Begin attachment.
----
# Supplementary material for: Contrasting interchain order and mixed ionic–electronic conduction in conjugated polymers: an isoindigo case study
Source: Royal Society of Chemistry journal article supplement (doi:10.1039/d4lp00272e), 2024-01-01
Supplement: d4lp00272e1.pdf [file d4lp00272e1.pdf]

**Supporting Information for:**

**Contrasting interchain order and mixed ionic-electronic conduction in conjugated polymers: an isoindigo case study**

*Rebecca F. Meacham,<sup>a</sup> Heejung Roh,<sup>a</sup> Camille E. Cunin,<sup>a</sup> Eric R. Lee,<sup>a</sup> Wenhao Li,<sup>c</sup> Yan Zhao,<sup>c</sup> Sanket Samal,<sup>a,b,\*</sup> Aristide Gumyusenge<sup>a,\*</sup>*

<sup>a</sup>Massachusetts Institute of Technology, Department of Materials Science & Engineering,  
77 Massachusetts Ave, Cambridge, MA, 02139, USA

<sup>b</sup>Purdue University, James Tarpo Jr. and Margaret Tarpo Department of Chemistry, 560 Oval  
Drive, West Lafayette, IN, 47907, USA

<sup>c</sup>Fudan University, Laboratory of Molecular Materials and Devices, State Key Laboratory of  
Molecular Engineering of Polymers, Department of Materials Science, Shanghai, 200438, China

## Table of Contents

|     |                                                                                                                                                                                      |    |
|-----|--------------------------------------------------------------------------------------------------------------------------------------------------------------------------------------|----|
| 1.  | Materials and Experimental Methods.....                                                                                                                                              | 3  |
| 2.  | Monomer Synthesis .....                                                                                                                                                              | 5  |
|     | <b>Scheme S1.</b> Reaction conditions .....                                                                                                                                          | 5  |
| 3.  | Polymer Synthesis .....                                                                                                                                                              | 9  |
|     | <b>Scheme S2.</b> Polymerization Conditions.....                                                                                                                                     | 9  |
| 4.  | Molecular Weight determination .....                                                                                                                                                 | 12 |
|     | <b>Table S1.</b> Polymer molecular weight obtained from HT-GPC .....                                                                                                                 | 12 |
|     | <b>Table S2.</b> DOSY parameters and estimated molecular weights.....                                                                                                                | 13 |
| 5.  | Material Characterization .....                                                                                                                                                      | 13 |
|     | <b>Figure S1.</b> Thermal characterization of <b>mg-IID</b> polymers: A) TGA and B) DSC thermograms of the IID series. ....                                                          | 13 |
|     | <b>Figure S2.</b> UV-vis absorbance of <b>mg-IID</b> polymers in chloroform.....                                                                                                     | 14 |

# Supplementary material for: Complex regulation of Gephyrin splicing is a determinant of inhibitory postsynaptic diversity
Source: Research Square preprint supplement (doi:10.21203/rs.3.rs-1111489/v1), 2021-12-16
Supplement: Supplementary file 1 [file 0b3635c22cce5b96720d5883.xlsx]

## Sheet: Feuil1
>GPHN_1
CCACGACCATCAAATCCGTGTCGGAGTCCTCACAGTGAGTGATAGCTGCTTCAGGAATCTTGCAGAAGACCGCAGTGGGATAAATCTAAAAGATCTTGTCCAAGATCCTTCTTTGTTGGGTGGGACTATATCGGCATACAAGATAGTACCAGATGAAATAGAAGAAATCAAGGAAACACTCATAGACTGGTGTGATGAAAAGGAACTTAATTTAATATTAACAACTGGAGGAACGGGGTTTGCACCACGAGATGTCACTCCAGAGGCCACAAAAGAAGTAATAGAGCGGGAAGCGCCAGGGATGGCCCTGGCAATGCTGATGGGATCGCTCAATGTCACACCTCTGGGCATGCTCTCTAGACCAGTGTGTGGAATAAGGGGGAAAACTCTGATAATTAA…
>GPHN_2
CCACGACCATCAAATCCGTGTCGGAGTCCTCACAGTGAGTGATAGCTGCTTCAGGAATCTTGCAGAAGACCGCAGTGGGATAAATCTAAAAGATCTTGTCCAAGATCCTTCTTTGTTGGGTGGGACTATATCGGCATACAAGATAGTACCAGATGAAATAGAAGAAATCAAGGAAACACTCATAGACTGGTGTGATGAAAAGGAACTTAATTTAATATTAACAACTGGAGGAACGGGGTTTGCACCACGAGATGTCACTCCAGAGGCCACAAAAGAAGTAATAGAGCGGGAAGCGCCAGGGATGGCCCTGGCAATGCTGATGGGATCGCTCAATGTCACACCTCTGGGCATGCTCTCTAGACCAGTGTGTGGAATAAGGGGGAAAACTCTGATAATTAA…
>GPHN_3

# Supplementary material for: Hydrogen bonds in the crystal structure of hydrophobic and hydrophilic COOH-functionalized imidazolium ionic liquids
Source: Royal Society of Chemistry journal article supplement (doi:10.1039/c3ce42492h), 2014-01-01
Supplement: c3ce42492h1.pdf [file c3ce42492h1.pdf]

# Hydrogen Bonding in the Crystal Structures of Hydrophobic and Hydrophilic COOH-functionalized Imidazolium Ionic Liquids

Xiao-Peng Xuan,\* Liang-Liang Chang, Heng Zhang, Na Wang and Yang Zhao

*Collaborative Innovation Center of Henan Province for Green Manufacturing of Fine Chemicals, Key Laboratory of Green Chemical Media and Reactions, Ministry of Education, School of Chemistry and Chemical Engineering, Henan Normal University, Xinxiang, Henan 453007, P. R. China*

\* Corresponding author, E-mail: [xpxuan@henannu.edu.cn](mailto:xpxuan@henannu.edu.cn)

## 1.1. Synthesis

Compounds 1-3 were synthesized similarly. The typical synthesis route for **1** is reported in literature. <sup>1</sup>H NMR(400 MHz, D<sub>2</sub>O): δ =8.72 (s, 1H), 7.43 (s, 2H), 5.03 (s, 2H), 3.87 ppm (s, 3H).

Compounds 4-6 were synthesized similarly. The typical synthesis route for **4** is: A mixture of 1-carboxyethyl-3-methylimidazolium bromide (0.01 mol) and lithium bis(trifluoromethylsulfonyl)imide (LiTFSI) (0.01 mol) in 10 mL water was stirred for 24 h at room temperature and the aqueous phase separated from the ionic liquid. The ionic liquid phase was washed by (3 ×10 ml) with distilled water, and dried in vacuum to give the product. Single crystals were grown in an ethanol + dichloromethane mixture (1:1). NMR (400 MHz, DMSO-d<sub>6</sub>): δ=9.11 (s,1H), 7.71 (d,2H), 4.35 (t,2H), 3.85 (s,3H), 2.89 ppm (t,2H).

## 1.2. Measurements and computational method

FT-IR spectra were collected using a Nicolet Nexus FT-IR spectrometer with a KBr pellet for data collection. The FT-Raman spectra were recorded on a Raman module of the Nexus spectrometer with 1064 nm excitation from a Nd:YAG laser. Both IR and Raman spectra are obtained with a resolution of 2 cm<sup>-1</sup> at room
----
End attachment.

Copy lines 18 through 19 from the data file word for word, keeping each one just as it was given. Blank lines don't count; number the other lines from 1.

|     | <b>Scheme S1.</b> Reaction conditions .....                                                                                                                                          | 5  |
| 3.  | Polymer Synthesis .....                                                                                                                                                              | 9  |